Multidisciplinary approaches to materials discovery needed for MGIPublished on February 26th, 2013 | By: Eileen De Guire
Last week a National Science Foundation-sponsored workshop addressed multidisciplinary approaches to the Materials Genome Initiative. From left: Gregory Rohrer, Abby Kavner, Young-Shin Jun, and Amy Walker. Credit: ACerS.
Genome (noun; origin 1930s: blend of gene and chromosome): the complete set of genes or genetic material present in a cell or organism.
The Materials Genome Initiative has gotten lots of attention since it was announced by the White House Office of Science and Technology Policy (OSTP) in June 2011. Its stated goal (pdf) is simple: “… to discover, develop, manufacture, and deploy advanced materials at least twice as fast as possible today, at a fraction of the cost.”
In my opinion, “genome” is an unfortunate choice of word. Why? A genome is a constrained set. Perhaps a very large set, but the genome is limited to the genes that define the organism. In the human organism, that is about 23,000 genes. The Human Genome Project (HGP) sequenced and mapped the 23,000 genes in the human genome, which ended up involving about 3.3 billion base pairs.
The HGP narrowed the description of what we are made of by painting in the fine-strokes details. It was never about expanding the diversity of our basis or of life—no new organisms were “invented,” no additions to the genome were desired (for example, adding feathers to the anatomy), nor were any such innovations intended.
The idea of the MGI, in contrast, is to start with basic building blocks of matter—the fine structure—and discover new combinations of elements, i.e., materials, with end properties and functionalities in mind right from the start. The MGI is all about expanding the possibilities beyond that which is already mapped. And, with 116 elements comprising the periodic table of the elements, the possible combinations make 3.3 billion look paltry. (According to my “go to” mathematician, the number of ways you can combine up to just six elements or less of the 116 known elements exceeds three billion.)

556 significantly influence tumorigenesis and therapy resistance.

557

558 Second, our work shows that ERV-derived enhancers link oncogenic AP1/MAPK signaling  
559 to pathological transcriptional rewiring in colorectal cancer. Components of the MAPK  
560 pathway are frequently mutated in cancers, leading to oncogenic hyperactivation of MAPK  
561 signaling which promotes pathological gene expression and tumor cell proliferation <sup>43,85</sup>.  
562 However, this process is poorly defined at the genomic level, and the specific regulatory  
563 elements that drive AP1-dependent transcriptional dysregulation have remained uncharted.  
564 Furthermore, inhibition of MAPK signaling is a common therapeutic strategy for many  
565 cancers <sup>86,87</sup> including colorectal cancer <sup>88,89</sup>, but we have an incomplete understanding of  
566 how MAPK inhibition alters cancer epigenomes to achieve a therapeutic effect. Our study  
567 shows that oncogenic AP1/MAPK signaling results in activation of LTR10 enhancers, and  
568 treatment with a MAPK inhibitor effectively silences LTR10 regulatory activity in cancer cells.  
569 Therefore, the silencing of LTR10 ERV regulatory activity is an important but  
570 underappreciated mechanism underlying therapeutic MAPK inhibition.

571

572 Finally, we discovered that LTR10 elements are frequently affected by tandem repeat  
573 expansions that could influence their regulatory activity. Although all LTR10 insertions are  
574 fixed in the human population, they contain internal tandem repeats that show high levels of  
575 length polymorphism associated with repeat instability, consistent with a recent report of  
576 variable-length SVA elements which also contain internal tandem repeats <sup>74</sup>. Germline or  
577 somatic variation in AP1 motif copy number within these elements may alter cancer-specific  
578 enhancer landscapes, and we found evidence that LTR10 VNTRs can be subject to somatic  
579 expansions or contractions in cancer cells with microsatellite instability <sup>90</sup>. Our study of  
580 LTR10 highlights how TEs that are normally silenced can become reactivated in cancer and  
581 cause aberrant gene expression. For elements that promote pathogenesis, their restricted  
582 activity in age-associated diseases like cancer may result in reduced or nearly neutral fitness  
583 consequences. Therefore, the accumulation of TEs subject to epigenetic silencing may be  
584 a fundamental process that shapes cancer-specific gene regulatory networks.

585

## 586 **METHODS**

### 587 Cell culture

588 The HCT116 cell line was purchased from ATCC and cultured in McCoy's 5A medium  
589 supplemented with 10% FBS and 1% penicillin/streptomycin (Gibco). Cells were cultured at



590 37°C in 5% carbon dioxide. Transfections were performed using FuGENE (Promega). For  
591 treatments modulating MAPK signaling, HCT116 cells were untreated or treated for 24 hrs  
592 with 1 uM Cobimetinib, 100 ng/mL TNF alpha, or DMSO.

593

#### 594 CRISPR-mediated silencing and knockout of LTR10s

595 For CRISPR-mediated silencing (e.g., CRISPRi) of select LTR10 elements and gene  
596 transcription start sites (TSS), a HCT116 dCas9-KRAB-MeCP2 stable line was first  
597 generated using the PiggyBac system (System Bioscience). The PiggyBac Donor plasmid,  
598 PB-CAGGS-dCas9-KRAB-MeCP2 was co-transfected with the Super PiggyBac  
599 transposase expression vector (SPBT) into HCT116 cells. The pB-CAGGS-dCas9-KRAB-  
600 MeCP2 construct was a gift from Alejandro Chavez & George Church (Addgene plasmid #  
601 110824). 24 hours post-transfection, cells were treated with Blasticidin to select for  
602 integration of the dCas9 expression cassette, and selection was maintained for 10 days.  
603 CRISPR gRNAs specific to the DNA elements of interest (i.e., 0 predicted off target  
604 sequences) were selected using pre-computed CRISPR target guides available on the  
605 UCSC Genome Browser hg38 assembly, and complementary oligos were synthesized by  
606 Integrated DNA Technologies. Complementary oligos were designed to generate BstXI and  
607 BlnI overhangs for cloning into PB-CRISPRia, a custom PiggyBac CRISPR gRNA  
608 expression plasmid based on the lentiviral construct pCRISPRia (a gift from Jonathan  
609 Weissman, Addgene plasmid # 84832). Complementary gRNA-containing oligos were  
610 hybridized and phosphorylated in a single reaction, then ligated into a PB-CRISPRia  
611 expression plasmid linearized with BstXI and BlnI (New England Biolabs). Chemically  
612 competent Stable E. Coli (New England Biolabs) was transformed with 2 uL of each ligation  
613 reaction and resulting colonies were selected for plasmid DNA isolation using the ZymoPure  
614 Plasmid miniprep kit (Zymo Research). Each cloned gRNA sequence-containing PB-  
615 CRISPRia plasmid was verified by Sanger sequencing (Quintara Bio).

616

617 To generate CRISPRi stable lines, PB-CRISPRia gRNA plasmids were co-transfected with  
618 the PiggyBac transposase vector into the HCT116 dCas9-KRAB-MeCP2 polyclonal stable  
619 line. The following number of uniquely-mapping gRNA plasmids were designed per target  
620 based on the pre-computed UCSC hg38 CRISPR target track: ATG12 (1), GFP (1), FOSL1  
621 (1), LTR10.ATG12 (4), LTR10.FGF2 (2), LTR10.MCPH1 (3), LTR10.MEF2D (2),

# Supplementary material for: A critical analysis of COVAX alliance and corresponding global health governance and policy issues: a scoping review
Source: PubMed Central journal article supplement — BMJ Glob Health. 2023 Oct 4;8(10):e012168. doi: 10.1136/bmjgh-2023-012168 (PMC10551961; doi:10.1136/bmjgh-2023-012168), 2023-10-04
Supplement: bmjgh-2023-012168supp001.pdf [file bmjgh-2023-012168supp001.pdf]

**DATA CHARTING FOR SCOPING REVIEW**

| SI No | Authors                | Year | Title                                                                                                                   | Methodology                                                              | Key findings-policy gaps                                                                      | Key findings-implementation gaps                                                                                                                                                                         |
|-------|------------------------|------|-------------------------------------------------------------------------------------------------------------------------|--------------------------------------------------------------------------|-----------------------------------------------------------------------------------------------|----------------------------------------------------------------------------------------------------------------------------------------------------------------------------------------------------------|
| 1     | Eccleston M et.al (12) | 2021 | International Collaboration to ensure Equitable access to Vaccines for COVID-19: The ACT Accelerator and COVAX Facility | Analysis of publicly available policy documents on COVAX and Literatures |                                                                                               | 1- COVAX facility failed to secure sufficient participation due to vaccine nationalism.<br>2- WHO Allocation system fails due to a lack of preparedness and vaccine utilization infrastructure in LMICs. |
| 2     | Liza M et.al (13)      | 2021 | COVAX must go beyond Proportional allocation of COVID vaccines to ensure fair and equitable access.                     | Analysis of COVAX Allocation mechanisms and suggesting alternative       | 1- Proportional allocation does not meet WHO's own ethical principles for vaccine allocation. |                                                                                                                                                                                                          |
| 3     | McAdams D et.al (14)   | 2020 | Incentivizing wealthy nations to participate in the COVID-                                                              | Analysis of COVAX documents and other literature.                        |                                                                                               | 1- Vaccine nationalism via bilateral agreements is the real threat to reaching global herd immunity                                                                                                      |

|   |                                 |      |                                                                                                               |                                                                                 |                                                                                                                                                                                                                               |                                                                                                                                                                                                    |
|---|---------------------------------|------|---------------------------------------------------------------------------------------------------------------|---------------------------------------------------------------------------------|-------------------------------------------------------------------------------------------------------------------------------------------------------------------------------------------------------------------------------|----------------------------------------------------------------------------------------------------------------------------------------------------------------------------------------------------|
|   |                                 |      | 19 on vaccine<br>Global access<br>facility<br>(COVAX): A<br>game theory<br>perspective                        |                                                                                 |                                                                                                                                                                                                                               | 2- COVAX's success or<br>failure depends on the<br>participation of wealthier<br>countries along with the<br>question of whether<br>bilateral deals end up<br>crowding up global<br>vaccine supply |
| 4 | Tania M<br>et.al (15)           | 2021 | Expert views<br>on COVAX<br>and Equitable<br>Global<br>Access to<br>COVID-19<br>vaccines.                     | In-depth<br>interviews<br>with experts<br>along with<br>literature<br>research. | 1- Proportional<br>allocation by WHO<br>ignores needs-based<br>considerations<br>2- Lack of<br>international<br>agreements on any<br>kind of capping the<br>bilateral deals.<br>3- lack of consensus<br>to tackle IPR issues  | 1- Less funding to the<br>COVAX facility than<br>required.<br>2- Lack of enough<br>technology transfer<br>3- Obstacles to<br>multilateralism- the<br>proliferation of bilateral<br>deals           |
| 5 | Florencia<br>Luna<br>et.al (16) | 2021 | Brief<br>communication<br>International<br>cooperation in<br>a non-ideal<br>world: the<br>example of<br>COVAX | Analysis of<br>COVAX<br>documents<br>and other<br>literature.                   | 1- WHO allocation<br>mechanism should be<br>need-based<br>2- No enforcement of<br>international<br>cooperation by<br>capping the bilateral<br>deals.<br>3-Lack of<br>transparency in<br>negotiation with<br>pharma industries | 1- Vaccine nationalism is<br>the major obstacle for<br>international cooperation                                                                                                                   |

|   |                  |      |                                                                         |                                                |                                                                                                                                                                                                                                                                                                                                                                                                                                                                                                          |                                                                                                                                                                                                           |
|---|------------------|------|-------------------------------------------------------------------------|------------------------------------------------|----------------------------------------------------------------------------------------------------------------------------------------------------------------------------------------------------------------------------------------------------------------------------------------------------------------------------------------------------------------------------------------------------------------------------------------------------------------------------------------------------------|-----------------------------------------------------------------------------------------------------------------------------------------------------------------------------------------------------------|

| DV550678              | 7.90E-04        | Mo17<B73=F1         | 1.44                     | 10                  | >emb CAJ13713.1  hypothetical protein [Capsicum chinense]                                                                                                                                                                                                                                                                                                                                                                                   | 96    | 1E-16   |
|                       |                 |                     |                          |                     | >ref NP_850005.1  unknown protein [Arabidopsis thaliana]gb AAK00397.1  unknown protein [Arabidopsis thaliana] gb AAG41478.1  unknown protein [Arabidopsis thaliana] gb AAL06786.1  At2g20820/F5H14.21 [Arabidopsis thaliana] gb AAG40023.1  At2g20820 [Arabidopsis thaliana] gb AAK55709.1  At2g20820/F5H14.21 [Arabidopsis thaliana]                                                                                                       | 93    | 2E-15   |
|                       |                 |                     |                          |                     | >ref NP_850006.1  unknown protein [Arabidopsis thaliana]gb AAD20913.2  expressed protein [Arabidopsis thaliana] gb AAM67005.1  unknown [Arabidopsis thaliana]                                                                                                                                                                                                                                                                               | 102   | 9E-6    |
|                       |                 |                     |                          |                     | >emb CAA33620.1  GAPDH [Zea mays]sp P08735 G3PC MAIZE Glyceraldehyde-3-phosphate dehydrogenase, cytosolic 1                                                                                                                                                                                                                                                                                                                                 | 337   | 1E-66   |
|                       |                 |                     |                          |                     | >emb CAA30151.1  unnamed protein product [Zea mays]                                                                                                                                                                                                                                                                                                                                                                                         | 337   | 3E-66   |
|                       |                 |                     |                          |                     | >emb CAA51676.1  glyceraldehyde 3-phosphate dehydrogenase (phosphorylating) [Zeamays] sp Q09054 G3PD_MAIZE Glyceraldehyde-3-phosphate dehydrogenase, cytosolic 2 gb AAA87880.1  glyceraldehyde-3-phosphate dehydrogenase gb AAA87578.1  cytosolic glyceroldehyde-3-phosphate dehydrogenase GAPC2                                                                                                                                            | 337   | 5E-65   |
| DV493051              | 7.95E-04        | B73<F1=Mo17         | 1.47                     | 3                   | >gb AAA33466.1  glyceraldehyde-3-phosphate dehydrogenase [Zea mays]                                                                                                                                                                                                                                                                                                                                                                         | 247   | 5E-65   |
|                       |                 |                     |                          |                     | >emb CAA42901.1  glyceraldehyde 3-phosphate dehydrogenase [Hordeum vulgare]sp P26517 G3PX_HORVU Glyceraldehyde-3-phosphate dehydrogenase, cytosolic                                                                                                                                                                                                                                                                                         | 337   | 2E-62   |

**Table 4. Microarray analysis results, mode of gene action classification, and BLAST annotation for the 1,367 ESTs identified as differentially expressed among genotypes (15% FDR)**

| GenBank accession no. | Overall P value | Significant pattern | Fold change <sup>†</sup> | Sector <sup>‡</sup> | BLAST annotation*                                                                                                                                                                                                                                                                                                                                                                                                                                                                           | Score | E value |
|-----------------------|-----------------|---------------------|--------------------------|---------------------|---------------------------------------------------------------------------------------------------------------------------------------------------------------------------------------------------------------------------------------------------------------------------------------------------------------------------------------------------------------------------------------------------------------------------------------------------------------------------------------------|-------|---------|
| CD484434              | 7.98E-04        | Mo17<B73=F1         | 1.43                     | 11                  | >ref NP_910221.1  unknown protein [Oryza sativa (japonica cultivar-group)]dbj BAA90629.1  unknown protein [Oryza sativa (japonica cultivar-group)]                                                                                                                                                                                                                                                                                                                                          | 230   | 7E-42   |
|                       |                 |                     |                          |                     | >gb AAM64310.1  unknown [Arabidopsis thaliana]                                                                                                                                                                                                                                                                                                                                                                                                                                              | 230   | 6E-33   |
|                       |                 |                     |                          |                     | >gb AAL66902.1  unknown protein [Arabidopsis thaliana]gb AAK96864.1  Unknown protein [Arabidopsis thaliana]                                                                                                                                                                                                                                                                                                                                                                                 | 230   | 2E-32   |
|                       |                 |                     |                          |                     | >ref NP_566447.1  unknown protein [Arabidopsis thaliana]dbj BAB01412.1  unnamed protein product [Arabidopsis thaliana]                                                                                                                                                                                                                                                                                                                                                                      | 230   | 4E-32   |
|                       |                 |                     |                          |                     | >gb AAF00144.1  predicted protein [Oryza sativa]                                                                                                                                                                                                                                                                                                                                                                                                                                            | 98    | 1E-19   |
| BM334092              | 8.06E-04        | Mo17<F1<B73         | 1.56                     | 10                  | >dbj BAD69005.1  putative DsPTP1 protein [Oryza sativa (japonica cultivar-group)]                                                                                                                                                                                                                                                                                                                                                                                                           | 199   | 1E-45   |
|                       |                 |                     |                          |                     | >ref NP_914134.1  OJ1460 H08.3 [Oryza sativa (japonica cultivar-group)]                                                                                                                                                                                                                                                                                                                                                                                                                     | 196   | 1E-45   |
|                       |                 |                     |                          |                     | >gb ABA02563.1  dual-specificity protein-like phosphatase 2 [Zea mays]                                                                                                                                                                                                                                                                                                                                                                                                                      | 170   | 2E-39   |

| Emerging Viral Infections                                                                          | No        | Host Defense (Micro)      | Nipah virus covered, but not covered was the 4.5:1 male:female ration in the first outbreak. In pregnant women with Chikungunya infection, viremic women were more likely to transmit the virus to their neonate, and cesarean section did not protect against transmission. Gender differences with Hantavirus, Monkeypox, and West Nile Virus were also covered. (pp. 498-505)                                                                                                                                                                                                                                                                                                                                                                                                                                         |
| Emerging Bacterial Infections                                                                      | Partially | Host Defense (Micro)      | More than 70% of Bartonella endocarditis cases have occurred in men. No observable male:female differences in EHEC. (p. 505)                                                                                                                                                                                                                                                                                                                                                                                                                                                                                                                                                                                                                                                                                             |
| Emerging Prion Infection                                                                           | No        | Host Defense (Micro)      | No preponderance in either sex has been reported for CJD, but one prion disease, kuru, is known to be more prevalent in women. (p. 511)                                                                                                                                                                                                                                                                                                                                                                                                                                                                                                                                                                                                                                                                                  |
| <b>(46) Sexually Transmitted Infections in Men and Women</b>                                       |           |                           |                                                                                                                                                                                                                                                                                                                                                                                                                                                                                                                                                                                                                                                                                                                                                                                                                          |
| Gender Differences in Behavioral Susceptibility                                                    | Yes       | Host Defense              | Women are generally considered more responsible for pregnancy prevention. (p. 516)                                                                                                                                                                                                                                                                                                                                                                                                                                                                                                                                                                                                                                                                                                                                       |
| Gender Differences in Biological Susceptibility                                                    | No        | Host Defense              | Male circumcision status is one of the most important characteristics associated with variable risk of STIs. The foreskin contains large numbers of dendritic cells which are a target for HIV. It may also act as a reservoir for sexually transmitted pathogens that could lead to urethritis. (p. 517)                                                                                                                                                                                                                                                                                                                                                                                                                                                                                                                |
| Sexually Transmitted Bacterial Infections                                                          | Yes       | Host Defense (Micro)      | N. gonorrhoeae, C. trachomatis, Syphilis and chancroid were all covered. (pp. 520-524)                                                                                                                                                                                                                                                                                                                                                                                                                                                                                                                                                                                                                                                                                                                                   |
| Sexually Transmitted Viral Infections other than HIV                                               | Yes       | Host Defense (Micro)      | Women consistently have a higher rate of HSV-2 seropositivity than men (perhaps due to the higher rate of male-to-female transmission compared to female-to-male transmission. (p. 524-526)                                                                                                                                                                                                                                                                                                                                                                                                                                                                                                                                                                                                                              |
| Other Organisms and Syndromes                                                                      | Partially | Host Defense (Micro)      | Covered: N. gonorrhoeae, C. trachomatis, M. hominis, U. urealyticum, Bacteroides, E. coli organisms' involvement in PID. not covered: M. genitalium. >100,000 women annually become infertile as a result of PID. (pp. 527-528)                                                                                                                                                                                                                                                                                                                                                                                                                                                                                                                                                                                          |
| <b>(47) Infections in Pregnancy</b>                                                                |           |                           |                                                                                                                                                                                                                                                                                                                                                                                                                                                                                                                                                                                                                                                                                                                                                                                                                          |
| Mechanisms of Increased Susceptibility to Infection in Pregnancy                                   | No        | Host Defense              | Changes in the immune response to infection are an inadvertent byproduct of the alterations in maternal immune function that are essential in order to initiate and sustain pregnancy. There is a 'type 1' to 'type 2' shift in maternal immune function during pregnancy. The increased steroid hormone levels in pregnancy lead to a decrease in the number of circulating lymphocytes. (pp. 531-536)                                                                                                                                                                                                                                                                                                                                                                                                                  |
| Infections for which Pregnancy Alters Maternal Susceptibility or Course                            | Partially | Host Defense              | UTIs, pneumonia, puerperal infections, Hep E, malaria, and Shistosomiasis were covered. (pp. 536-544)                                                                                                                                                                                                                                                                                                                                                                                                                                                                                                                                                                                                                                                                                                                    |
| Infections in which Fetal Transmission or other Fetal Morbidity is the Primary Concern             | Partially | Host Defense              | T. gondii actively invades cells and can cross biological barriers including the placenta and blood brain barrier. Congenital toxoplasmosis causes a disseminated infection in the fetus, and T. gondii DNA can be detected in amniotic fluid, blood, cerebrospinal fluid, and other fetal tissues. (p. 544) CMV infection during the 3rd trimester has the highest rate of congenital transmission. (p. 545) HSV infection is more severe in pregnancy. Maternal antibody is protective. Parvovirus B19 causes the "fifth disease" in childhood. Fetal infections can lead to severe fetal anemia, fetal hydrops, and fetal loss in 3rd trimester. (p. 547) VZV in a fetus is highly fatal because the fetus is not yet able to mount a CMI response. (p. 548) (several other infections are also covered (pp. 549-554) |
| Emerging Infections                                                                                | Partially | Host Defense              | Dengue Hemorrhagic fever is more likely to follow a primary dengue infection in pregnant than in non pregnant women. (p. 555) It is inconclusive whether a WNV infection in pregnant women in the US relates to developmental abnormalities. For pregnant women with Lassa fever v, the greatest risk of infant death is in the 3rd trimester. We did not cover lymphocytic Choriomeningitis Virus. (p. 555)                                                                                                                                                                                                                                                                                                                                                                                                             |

Chances are you have seen the OSTP’s schematic of the “materials development continuum.” The beginning point is discovery of new materials, and this is where science researchers must take the lead in finding approaches to discovering the few hundred or thousand materials that are worth developing out of the many billion possibilities.
Last week, to address this issue, a group of researchers who work on ceramic materials gathered for a National Science Foundation-sponsored workshop, “The Materials Genome Initiative in Ceramics, Geosciences, and Solid-State Chemistry.” The workshop grew out of two previous “future directions” workshops: a 2011 workshop on “Materials by Design” at the University of California, Santa Barbara and the 2012 workshop on “Emerging Research Areas in Ceramic Science” in Arlington, Va.
About 20 researchers, mostly from academia, participated. They were an interesting mix of well-established scientists and new young-bloods, all working with ceramic materials, whether as materials scientists or as researchers from the geoscience, earth science, and solid-state chemistry and physics communities.
Alexandra Navrotsky, the brilliant and witty professor from the University of California, Davis, set the stage with her opening presentation by observing that there are striking commonalities between earth science and materials science. “The Materials Genome Initiative,” she said, “means different things to different people. It is up to the communities to define.” In her assessment, MGI means starting from first principles and CalPhaD-type calculations, mining data from databases, and designing new, smarter experiments. “Putting these together in a holistic fashion is the MGI,” she says.